Update, Mar. 30, 2020, via Brian Farrington:  The US District Court for the Eastern District of Texas has issued a preliminary injunction against the City of Dallas, preventing enforcement of Dallas’ paid sick leave ordinance. Read complete update here.


Update, Aug. 14, 2019:  Interim Dallas City Attorney, Chris Caso, filed to move the Dallas Ordinance case from the Eastern District to the Northern District Court of Texas in Dallas.


Original Article, from Casey Erick:

The fate of a new paid sick time ordinance for Dallas workers is now in the hands of a federal judge.

The ordinance, which adds a new chapter to the City Code, would require all businesses — for-profit and nonprofit — to provide paid sick leave if they don’t already do so. Employees will earn one hour of paid sick time for every 30 hours worked.

Clergy members, labor and community organizations had pushed for the measure, primarily aimed at service jobs, as a way to help low-income working families who don’t have the time-off benefits enjoyed by many higher-income workers.  But, the Legislature was looking to weigh in on the debate and kill such local mandates, that some groups said would be overly burdensome to businesses. Dallas would have joined Austin and San Antonio as the only major Texas cities to require paid sick leave if the ordinance stood.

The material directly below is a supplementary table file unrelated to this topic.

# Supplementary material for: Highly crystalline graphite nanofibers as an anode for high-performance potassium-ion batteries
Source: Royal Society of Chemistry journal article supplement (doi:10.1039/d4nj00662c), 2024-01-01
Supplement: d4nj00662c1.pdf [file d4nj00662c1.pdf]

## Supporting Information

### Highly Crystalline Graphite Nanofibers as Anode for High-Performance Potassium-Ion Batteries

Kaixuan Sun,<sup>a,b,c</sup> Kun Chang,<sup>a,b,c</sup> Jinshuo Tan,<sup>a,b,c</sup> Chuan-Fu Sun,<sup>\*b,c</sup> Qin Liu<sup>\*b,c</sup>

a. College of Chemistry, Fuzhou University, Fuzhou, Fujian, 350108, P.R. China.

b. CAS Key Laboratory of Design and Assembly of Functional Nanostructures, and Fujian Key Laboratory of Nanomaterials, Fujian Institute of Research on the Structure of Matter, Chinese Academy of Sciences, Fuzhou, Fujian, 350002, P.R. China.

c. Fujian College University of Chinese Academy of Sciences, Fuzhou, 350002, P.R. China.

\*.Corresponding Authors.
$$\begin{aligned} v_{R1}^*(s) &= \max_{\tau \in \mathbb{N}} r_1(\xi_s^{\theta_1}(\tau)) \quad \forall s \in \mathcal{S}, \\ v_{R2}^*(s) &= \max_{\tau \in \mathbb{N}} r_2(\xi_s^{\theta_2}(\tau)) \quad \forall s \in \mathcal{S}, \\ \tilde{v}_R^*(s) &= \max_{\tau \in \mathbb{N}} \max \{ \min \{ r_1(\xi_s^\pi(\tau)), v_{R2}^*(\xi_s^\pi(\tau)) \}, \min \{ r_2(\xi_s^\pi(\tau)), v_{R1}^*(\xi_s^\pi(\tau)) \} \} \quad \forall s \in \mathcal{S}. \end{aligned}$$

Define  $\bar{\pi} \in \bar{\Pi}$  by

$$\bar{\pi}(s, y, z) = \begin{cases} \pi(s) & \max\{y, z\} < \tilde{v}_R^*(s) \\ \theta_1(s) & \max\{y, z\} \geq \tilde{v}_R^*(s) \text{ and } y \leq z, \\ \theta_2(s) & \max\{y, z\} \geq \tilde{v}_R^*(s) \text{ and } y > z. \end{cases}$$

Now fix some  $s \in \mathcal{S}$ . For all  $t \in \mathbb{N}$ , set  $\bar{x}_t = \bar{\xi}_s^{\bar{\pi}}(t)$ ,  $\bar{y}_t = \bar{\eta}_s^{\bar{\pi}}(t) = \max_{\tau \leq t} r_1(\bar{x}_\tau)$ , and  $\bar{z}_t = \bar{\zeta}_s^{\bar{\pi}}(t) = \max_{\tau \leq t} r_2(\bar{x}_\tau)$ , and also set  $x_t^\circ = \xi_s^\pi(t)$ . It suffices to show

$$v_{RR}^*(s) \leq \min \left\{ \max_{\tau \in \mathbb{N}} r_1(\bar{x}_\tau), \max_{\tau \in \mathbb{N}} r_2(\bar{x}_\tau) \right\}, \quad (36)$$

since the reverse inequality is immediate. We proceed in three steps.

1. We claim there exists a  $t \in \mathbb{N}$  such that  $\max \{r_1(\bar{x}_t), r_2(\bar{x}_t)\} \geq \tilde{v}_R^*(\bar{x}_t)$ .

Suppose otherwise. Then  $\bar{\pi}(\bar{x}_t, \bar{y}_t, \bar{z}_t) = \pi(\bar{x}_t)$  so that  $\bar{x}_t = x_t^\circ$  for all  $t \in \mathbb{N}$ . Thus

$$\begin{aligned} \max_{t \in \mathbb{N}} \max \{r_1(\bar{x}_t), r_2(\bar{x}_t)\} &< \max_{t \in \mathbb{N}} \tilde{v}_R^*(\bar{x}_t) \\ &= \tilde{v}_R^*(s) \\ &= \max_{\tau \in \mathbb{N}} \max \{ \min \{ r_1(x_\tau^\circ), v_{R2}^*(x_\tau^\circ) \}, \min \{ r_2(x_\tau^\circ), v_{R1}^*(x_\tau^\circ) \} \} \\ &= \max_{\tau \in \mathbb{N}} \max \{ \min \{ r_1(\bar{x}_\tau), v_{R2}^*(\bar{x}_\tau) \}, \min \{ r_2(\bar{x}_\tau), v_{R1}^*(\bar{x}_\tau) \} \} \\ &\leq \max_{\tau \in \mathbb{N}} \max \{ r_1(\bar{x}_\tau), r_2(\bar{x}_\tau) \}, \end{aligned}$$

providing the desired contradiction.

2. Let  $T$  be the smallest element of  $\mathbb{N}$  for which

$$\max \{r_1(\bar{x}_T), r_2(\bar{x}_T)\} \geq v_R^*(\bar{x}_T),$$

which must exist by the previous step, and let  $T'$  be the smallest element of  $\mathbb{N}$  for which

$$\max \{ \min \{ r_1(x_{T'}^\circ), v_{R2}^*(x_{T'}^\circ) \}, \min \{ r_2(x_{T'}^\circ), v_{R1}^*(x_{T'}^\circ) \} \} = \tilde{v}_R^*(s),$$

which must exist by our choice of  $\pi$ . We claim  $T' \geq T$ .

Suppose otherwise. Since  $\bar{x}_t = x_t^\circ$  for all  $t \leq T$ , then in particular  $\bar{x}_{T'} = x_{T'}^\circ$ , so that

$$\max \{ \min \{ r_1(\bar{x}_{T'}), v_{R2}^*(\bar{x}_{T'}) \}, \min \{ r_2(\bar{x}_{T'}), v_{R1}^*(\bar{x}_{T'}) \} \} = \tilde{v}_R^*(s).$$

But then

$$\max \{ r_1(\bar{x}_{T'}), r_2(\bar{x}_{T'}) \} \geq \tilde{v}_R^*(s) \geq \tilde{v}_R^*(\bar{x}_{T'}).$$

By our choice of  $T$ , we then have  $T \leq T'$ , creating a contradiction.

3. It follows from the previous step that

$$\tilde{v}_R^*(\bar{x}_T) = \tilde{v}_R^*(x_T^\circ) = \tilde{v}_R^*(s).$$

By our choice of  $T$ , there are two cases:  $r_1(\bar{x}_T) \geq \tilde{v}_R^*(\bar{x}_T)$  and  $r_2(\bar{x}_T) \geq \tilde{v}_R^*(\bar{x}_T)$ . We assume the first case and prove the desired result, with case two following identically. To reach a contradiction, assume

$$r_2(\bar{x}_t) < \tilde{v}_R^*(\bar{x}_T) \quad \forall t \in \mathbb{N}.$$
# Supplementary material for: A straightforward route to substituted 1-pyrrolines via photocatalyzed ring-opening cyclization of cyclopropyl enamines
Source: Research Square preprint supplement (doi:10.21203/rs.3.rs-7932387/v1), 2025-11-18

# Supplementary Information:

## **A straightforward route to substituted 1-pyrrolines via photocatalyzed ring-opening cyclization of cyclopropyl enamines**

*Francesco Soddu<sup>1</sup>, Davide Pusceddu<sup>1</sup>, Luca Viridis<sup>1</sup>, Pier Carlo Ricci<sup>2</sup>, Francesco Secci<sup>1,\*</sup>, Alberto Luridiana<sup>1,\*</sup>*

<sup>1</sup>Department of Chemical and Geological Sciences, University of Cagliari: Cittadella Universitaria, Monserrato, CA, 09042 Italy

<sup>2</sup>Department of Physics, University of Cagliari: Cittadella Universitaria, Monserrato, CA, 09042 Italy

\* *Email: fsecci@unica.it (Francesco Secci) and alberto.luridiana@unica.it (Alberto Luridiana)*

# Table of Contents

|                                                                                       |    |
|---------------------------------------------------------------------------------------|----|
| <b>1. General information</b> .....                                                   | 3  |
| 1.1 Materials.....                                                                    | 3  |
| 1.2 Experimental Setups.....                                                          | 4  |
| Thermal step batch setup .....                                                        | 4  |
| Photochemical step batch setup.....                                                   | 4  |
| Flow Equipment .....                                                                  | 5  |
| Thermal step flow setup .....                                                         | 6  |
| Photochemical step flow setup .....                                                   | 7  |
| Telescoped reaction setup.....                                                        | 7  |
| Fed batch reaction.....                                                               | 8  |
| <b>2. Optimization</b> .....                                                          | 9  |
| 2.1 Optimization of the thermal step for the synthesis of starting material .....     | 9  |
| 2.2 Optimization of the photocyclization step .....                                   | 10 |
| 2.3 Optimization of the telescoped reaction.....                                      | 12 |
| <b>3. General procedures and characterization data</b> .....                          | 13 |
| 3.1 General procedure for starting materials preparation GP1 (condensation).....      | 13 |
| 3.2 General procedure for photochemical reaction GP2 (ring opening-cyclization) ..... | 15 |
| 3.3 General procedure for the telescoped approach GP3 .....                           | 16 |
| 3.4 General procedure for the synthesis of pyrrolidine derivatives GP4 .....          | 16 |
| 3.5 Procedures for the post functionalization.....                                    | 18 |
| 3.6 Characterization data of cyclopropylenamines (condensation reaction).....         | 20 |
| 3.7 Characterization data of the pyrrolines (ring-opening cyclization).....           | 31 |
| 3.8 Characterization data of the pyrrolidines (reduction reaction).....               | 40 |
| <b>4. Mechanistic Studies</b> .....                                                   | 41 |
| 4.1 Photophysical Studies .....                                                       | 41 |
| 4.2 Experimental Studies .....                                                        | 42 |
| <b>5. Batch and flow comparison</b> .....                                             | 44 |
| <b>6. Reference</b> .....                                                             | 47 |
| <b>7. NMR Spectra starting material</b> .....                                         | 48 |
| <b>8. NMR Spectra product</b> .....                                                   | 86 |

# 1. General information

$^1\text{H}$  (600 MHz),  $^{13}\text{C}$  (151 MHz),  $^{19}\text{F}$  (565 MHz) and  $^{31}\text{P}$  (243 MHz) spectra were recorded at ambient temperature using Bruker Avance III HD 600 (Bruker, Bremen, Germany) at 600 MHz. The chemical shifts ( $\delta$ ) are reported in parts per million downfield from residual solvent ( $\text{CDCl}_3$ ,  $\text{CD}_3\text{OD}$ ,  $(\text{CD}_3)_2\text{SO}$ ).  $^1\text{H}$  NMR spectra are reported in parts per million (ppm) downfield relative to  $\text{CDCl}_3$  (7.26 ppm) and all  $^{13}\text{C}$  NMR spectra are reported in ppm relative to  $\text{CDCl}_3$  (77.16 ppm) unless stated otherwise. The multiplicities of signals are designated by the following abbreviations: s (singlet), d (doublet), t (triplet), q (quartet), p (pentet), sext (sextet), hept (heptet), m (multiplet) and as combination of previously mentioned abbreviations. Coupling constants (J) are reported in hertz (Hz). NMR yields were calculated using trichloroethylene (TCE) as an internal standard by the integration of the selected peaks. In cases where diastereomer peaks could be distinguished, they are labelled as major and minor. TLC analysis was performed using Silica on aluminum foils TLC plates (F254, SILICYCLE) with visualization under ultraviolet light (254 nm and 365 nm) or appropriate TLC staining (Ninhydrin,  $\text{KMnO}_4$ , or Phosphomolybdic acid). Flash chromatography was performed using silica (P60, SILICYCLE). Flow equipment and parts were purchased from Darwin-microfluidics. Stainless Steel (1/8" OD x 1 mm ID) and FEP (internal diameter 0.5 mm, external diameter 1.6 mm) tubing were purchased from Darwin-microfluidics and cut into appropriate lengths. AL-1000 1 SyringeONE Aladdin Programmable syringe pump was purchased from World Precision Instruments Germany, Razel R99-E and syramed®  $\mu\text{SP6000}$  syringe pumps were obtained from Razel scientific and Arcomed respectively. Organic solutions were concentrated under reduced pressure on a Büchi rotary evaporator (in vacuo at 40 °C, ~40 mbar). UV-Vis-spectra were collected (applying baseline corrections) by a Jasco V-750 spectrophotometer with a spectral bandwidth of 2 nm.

On July 30, 2019,  two companies, ESI/Employee Solutions, LP and Ragan Law Group, LLC sued the City of Dallas in a bid to stop the ordinance from taking effect. August 6th, the Texas Attorney General, Ken Paxton, joined the lawsuit.  As of August 7th, the federal court has not issued an order to stop the new ordinance, which remains in effect.  The case is pending in the United States District Court, Eastern District of Texas, Cause No. 4:19-cv-00570, Amos L. Mazzant, III, presiding.

By Published On: August 8, 2019Categories: Employment LawTags: ,


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Casey Erick is a Shareholder and focuses on Commercial Litigation and Employment Law. He has represented clients in both litigation and transactional matters that span across commercial law, labor and employment, real estate, consumer protection, and general litigation including, but not limited to breach of contract, corporate trade secret theft, tortious interference, defamation, personal injury, fraud, and various other kinds of civil litigation. He has represented high-profile clients as well as defended against high-profile national and global entities in matters related to commercial litigation, defamation, privacy, negligence, the Stored Communications Act, the Texas Harmful Access by Computer Act, Texas identity Theft Enforcement and Protection Act, and the Computer Fraud and Abuse Act. Casey is Board Certified in Civil Trial Law.